With a population of 1.4 billion people, China is undergoing perhaps the largest scaleurbanization in human history and experiencing a great transformation towardmodernization. Against this background, a multidisciplinary research team fromTsinghua University initiated a social governance experiment in the Qinghe subdistrictof Beijing in 2014. This expert-led social intervention and research project has beenknown as the New Qinghe Experiment (NQE), to distinguish it from an earlier Qingheexperiment, which focused on rural development, conducted by a group of Yenchingsociologists in the period of 1928–1937. The goal of the NQE is to identify and solvesocial problems existent in urban communities, and to explore a new governance modelfor urban communities in highly populated mega-cities such as Beijing. In this paper,we lay out the challenges faced by local communities in urban China and introduce theNQE’s pilot projects and working mechanisms. We conclude that the NQE is of importanttheoretical and practical significance as an innovative model of social governance.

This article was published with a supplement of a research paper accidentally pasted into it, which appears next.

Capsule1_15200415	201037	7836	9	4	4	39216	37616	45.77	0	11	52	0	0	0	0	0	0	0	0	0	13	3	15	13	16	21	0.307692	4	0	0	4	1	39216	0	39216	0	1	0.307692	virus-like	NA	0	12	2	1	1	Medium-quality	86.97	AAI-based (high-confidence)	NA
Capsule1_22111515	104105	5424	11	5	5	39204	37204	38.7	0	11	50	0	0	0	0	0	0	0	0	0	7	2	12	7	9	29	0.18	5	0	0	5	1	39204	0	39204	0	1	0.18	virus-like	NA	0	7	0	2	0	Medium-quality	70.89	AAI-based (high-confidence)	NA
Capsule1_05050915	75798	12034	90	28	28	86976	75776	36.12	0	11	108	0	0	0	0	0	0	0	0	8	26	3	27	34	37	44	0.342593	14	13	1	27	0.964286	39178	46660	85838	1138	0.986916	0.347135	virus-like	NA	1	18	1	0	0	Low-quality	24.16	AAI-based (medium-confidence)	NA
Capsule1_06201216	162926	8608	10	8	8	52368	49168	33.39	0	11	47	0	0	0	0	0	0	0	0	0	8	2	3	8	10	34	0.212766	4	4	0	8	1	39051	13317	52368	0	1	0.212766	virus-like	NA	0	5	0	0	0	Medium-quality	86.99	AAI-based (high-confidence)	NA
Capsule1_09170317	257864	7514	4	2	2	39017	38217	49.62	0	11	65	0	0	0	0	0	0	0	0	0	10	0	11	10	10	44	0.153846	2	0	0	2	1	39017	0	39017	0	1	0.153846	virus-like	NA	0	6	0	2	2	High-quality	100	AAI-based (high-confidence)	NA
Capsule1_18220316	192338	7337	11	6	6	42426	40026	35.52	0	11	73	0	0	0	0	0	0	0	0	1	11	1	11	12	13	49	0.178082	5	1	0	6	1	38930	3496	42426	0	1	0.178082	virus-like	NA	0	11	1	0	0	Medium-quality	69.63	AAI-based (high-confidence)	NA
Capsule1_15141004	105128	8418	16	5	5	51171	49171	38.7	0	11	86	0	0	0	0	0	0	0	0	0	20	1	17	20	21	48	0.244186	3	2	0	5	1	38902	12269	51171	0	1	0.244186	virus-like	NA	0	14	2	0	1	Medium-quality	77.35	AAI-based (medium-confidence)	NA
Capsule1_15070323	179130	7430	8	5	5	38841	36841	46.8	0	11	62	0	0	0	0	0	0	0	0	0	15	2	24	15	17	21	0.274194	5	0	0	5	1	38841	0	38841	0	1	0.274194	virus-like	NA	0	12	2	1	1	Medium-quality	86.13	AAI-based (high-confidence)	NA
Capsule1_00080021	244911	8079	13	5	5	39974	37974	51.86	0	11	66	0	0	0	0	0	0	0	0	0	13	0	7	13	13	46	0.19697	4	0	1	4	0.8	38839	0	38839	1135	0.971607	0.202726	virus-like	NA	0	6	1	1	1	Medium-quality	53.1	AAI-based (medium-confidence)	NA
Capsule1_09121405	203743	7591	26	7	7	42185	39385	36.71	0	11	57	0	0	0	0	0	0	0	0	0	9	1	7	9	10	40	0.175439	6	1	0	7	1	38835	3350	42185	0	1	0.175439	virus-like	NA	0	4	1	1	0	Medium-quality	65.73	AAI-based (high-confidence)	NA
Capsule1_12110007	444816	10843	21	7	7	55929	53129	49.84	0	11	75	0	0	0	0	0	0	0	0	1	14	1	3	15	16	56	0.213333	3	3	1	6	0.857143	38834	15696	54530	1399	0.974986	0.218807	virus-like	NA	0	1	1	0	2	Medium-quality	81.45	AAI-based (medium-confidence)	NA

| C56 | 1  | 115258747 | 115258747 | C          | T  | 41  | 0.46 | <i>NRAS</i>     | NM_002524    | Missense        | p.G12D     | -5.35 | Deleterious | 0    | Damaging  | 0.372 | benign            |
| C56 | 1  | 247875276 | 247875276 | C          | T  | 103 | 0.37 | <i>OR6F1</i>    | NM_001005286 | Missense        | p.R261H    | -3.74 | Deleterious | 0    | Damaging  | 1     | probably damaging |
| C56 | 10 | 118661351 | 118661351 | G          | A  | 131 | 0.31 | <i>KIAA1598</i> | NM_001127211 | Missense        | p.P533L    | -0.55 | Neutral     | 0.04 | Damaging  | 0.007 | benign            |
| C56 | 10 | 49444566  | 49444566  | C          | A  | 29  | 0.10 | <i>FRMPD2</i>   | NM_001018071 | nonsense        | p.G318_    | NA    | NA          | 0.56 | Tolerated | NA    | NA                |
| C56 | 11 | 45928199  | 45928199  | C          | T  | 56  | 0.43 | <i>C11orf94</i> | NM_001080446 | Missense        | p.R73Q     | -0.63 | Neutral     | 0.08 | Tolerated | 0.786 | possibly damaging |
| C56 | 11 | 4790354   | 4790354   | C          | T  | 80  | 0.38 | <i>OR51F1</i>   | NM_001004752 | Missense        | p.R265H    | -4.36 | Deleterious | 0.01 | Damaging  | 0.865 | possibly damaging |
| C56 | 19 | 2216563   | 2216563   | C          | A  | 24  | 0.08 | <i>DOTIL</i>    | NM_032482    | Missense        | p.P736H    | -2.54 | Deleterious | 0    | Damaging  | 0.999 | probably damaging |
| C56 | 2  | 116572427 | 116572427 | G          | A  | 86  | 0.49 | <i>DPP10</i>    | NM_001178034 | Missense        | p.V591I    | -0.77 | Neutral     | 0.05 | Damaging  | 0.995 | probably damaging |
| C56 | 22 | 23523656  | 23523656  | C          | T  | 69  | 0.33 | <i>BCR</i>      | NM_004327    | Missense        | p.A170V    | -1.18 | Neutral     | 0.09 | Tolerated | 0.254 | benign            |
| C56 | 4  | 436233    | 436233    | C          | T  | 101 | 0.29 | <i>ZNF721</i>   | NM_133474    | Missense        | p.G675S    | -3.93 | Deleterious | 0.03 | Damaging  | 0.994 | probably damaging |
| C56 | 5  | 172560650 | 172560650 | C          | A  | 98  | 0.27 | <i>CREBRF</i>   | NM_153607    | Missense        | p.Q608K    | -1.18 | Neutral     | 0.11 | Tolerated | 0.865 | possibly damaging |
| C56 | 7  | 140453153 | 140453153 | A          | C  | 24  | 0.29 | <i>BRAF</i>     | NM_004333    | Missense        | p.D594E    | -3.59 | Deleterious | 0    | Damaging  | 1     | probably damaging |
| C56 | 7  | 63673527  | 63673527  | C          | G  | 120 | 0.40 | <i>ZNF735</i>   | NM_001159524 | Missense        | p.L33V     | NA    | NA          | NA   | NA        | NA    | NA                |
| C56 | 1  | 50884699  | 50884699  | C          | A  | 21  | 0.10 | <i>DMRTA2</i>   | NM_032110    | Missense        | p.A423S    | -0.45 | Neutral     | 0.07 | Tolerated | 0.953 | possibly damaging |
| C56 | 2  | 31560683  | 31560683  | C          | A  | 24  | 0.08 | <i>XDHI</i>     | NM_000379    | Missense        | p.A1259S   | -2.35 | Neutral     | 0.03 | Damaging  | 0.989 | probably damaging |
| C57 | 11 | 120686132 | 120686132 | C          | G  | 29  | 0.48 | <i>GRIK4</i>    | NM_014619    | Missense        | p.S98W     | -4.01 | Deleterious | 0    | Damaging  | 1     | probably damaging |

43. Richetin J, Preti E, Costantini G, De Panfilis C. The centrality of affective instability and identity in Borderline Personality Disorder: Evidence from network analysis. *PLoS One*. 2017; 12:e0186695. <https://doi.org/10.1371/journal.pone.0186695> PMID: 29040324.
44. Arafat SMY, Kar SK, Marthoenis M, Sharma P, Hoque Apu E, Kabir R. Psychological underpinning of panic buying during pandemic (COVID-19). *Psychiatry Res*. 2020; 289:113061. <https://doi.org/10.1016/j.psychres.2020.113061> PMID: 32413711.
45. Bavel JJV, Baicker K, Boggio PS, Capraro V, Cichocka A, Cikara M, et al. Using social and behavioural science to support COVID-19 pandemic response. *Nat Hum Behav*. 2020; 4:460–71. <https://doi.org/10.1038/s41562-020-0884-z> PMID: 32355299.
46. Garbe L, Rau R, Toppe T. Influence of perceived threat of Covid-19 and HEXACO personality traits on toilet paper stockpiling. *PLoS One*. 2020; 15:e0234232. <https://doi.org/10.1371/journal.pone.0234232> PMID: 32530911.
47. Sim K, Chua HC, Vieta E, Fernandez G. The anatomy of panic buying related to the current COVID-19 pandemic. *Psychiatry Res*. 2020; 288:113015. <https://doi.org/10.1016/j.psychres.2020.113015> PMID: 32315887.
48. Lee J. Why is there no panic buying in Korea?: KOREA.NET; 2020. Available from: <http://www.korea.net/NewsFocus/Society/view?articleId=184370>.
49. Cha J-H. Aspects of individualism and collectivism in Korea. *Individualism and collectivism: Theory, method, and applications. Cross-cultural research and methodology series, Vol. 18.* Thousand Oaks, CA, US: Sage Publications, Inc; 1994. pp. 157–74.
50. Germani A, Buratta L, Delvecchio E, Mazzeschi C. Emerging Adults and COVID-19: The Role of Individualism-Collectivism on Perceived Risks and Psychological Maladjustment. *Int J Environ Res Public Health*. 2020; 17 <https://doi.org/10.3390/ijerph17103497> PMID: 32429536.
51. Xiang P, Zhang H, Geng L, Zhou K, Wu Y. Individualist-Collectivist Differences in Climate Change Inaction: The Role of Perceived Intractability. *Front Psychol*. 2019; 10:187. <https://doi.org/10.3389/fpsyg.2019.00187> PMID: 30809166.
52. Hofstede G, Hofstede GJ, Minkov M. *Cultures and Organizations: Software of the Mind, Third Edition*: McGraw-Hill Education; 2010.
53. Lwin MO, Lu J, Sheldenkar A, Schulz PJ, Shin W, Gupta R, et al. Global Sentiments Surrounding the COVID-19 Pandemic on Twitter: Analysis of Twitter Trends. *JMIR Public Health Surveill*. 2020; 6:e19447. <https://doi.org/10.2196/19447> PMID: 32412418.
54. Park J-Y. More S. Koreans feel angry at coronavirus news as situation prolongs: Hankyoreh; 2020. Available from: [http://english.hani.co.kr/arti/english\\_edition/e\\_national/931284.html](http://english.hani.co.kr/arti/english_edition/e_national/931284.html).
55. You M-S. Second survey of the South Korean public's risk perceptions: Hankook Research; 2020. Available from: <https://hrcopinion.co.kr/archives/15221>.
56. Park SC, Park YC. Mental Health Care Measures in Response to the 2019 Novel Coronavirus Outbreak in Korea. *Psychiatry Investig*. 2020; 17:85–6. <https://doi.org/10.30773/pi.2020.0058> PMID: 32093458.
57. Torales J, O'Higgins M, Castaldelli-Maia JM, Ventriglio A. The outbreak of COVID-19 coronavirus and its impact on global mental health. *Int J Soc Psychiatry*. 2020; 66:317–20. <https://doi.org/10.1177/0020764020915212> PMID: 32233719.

Applying the arguments of Michel Foucault’s dividing practices, this study analyzesthe discourses that emerged during the discussion over the Busan Hyeongje Bokjiwon(Brothers Home) scandal, which occurred in 1987, to weaken the epistemic premisesof the principle of normalization, a primary ideology of social welfare knowledge. The principle of normalization is grounded in the notion that it is right to help thebeneficiaries of welfare services to access what is considered normal by the statisticalmajority of society. Yet, the theory fails to provide sufficient explanation for whatcultural normality is and who forms it. The results of this analysis show that theKorean experience of abnormalities had been formed not in a way towards reducingor eliminating the punishment of people defined as abnormal. Rather, such personswere exposed to claims that they should be observed through rational gazes and edifiedthrough labor ethics. Defining abnormality in Korea was another epistemological formof punishment. This is a compressed version of Foucault’s argument that punishmentfor abnormal people inevitably entails strict judgment, exclusion, and punishment. Theexperience still remains, under the principle of normalization, as a primarily practicalideology in clinical medicine and social welfare.